Dollar-yen breaches 110 for first time since 2008

Mr Yen: Currency won't fall beyond 112

The dollar hit a new high six-year high against the yen on Wednesday, breaching 110 for the first time since August 2008.

The currency pair reached 110.08 in early Asian trading, prompting a Japanese government spokesperson to say that authorities will monitor the yen's movement carefully.

The greenback has strengthened more than 8 percent against the yen since early August, driven by the Federal Reserve's tightening monetary policy and recent weakness in the Japanese economy.

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Japanese policymakers welcome a weaker yen, which boosts exports, but the rapid move is worrying. Japan is stuck with a chronic trade deficit; a major yen depreciation raises the cost of buying materials abroad, squeezing corporate earnings.

The dollar-yen could rise slightly further, but will stabilize soon, according to Eisuke Sakakibara, former vice finance minister of Japan.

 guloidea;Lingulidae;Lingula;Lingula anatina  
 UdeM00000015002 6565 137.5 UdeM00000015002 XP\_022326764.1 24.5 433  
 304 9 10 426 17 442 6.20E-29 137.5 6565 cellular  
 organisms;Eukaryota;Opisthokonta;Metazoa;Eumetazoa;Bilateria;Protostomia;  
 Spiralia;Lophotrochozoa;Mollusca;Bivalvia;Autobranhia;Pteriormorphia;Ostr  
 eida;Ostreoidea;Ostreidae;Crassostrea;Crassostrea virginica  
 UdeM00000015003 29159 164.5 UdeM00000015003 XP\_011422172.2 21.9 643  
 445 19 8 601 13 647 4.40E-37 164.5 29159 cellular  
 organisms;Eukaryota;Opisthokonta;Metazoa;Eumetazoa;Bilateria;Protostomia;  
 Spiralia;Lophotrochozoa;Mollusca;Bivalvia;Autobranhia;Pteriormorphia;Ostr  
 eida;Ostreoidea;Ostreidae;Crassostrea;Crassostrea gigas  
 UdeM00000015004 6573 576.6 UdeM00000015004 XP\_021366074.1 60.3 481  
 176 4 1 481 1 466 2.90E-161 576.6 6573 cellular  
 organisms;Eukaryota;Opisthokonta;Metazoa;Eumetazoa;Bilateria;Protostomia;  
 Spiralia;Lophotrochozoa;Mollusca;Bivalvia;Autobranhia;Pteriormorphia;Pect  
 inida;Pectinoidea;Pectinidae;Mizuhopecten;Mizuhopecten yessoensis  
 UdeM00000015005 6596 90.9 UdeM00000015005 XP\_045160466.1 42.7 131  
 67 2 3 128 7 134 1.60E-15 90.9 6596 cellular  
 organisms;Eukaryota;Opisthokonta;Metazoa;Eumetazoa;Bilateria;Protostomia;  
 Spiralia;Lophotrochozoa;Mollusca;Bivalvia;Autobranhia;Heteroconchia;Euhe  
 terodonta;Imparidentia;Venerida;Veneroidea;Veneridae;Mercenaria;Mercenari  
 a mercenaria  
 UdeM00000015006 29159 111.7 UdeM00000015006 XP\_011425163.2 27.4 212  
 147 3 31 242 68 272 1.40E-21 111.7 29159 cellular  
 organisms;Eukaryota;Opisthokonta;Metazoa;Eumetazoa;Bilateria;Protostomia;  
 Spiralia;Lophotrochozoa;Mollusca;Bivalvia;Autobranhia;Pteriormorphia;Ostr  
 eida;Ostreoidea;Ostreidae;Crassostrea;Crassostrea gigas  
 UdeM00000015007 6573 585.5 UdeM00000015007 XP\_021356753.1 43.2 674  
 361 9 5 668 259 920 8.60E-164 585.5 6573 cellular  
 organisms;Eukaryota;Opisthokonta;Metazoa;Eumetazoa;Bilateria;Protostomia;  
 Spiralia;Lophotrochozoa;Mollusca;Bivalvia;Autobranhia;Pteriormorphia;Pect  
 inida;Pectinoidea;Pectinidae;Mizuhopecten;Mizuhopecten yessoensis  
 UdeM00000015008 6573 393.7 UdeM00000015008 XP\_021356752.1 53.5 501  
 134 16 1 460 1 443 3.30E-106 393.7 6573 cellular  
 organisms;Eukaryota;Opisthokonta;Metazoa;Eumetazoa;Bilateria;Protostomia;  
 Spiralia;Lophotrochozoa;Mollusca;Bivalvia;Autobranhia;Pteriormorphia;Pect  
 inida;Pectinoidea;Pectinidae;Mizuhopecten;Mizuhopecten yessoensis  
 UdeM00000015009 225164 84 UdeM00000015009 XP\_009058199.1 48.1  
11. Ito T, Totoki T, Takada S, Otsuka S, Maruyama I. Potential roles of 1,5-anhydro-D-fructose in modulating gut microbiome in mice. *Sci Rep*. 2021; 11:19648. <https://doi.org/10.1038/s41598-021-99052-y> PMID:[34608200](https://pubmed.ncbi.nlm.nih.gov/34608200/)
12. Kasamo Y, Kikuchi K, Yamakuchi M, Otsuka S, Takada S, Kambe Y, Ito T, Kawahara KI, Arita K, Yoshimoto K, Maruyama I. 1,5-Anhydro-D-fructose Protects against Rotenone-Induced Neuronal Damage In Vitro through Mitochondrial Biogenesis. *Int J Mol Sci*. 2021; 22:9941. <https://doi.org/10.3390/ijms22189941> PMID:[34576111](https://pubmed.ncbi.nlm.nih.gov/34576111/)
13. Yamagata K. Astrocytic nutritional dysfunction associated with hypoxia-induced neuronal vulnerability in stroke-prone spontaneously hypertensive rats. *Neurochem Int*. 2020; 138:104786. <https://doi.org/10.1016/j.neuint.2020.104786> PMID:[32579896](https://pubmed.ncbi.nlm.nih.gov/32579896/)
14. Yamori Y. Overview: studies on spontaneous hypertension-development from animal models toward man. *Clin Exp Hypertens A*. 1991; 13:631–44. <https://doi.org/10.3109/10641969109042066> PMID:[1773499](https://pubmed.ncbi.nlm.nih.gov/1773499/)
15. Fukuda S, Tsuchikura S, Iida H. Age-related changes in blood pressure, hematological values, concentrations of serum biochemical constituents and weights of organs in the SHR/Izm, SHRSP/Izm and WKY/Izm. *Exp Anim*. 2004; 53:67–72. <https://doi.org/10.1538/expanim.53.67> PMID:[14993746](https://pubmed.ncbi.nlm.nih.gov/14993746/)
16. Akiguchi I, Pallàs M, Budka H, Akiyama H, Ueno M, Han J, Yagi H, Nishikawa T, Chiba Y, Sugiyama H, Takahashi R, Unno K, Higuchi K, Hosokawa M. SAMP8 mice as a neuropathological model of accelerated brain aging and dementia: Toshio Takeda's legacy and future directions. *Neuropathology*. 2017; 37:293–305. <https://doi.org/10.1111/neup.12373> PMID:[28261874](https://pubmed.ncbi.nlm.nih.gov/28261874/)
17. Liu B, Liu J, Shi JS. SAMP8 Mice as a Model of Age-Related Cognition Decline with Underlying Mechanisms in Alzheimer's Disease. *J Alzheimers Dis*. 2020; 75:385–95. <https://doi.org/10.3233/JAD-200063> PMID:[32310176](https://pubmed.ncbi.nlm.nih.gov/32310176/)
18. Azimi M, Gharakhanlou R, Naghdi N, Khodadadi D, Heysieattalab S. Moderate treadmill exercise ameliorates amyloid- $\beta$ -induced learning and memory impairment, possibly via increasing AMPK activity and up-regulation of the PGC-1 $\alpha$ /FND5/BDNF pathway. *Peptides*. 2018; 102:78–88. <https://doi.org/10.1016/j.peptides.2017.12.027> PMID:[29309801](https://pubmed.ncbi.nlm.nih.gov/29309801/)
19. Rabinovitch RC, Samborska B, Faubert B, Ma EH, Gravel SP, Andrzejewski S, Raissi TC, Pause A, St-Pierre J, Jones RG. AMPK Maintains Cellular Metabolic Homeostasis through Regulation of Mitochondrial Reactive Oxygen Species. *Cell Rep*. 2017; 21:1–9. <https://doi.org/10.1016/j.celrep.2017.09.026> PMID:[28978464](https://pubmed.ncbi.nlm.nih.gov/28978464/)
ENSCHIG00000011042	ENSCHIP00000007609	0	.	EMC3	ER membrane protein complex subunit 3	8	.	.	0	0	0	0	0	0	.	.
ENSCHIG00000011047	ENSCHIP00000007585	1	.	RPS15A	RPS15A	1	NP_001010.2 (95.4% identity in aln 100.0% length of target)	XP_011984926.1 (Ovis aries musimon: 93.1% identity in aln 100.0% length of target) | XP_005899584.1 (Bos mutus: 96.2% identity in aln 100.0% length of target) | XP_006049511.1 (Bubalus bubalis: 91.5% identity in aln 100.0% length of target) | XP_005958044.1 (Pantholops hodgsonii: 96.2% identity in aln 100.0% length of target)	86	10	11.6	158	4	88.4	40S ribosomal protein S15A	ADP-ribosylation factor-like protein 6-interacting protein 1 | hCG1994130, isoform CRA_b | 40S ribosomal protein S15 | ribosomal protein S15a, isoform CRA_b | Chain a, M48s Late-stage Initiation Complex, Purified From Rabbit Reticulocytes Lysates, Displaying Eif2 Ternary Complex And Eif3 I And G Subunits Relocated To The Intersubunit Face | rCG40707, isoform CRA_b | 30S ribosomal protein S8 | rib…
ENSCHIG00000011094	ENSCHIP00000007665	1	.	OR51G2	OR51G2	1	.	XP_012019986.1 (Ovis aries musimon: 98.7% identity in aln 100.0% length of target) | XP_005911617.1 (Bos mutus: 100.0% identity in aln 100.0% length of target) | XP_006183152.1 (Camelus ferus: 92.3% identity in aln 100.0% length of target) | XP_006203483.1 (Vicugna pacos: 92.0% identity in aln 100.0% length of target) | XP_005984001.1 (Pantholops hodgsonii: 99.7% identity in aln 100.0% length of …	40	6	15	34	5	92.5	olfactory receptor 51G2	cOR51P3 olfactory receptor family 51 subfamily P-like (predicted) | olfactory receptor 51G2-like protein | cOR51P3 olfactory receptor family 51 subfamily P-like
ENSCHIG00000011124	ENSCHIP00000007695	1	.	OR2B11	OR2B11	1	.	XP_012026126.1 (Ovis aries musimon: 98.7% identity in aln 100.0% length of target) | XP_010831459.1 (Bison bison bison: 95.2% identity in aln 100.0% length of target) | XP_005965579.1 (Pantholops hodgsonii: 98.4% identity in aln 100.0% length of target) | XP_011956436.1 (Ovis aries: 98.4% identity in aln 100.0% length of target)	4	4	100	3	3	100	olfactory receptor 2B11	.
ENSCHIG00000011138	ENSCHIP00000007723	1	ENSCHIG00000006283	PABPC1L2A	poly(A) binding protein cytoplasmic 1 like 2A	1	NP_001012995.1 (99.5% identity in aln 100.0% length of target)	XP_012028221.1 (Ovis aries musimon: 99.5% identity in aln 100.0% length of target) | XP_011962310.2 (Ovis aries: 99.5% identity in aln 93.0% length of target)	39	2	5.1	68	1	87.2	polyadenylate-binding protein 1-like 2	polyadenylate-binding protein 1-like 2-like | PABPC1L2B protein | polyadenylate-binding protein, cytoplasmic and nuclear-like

"Although Japanese economy is currently somewhat weaker than anticipated, it's still doing fairly well," said Sakakibara, also known as Mr Yen for the influence of his pronouncements on Japan's currency when he was in office from 1997 to 1999.

10,000 Japanese yen and 100 U.S. dollar notes arranged for a photograph.
Tomohiro Ohsumi | Bloomberg | Getty Images

"Continued weakness of the yen is unlikely; this is clearly the strength of the U.S. dollar. The market has already incorporated the strength of the U.S. dollar so I wouldn't think dollar-yen will go beyond 112 or 113 - It will be in range trading between 107 and 112 in my view," he added.

There have been increasing calls for policymakers to take further action to prop up the Japanese economy, which has been hit hard by a sales tax hike introduced in April. Fresh data on Tuesday showed a mixed reading – retail sales rose 1.2 percent on year in August, while household spending fell an annual 4.7 percent.

The Bank of Japan (BOJ) is due to meet next week and many analysts have penciled in a move from the central bank to ease monetary policy further. But Sakakibara believes BOJ governor Haruhiko Kuroda will reserve his ammunition for now.

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"Mr. Kuroda is reserving additional monetary easing until next year because 2015 will probably see the consumption tax raised to 10 percent, so some sluggishness in the economy will be anticipated," said Sakakibara. "Mr. Kuroda will come in that time, likely first half or second half of next year."

The government raised nationwide sales tax to 8 percent from 5 percent in April in a bid to reduce the country's hefty debt pile, estimated to be more than double its gross domestic product.